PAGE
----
Fidel Castro revealed on Thurs-day he thought he was dying when he fell ill in July 2006, and was so worried about his legacy that he ordered last-minute editing of his memoirs even as doctors struggled to save his life.
"When I fell gravely ill the night of the 26th and dawn of the 27th of July, I thought that would be the end," the ailing 81-year-old wrote in an essay published on the front page of state newspapers.
"And while the doctors fought for my life, the head aide of the Council of State read at my urging the text and I dictated the necessary changes," he said, referring to a book of interviews with a French journalist.
The essay marked one of the few times Castro has acknowledged how close he came to death during his illness, and indicated his concern over how he will be remembered when he is gone.
The book written by Ignacio Ramonet, editor of Le Monde Diplomatique, is based on more than 100 hours of interviews with Castro. It was originally published in Spain, but an English version was released this month in the US as Fidel Castro: My Life.
Castro said he "almost didn't sleep" in the days before falling ill because he was working on the Ramonet book.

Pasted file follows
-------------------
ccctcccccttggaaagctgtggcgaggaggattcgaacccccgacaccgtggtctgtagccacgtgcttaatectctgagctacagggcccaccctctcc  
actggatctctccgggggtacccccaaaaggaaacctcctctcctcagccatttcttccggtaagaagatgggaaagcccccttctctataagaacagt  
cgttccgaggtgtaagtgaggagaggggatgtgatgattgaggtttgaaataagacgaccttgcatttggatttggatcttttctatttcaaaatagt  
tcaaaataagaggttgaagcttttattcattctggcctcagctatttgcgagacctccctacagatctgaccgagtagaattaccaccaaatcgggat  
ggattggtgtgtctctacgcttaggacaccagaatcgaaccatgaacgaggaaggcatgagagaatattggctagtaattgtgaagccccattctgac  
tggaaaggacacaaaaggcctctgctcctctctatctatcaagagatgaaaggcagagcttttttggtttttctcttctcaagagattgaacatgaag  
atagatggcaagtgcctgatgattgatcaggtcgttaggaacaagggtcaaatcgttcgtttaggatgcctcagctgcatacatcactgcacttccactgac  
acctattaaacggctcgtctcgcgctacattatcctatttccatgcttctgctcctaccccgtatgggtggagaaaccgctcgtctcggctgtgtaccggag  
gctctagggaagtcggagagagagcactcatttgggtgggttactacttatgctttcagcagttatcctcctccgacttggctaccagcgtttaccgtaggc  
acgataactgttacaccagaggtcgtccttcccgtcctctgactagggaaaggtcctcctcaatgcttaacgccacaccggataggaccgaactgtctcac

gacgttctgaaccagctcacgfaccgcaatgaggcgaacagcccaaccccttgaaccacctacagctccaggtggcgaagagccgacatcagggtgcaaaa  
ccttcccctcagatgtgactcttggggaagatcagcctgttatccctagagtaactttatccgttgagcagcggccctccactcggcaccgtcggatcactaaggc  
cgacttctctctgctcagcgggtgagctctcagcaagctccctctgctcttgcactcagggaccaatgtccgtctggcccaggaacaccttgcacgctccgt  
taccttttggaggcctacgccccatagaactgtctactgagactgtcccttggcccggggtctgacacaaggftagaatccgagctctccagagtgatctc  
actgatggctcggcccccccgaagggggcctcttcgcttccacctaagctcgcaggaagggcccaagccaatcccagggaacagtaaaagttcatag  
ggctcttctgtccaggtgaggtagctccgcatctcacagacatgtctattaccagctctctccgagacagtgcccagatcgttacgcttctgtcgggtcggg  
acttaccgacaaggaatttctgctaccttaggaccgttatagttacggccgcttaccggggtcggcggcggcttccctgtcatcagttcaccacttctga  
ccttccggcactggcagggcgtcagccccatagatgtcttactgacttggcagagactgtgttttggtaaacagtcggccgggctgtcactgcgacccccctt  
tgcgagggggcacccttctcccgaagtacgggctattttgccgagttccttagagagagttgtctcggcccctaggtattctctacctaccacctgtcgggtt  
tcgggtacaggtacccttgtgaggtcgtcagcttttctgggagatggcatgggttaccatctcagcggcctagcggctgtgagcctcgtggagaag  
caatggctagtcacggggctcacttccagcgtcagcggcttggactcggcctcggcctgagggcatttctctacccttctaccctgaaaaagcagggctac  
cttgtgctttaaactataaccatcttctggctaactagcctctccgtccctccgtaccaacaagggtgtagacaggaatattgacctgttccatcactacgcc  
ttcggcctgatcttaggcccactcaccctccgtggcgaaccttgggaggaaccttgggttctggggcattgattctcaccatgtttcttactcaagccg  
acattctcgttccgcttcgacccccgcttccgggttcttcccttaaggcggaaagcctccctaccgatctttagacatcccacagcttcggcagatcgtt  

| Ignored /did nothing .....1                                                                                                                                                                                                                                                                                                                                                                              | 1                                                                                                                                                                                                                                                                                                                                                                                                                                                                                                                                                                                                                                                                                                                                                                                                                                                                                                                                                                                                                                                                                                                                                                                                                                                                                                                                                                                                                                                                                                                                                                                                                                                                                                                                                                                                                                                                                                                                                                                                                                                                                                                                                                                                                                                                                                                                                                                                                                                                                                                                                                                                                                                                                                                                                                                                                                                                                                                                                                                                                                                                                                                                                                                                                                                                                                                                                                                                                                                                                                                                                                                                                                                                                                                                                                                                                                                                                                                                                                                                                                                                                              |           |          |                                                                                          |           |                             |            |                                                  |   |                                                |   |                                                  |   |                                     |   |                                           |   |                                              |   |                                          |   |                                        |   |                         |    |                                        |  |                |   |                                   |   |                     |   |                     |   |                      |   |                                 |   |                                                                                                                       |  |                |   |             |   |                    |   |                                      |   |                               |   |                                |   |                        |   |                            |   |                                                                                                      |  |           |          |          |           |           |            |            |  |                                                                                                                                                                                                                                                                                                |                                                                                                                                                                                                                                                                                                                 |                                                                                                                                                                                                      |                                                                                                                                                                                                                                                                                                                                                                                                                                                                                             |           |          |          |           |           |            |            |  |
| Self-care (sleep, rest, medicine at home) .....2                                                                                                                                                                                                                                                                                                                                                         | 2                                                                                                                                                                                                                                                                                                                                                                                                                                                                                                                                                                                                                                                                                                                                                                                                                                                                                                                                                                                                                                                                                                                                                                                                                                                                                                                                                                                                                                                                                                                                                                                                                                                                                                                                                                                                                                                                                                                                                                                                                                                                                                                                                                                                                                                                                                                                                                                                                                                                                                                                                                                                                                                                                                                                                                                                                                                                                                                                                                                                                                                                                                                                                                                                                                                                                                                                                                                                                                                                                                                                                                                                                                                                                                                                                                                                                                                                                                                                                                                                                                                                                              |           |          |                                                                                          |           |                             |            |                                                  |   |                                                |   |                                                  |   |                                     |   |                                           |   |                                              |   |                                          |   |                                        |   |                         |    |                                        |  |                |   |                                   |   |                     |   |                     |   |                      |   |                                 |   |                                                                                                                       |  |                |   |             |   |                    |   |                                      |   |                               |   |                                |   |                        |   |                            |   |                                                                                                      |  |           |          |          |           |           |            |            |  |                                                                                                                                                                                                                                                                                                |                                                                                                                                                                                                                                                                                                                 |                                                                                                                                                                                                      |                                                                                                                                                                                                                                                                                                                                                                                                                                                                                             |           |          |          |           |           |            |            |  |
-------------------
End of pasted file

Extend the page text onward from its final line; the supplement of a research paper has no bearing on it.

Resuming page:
Castro has not been seen in public since July 31, 2006, when his secretary Carlos Valenciaga read a statement on government television that emergency intestinal surgery was forcing the island's unchallenged leader since 1959 to cede power to a provisional government headed by his younger brother Raul.
Though he stepped aside as president, Castro has retained his role as head of the island's supreme governing body, the Council of State.
A slate of newly elected Cuban lawmakers meets on Feb. 24 and will choose a new Council of State from among its ranks, which include both Castro brothers. Fidel Castro wrote in December that he had no intention of clinging to power or standing in the way of a new generation of leaders, but has not said whether he wants to remain head of the council or permanently retire.
He is recovering in an undisclosed location and his condition and exact ailment are carefully guarded secrets.
Castro has looked gaunt and frail, but also upbeat and lucid in occasional recent official videos and photographs. Life on the island has remained little changed since he stepped down.
Thursday's lengthy essay, dated Jan. 22, focused on a two-and-a-half hour meeting last week with Brazilian President Luiz Inacio Lula da Silva.
Absent was a recreation of Castro's scrawled signature, which has been printed at the end of other recent writings.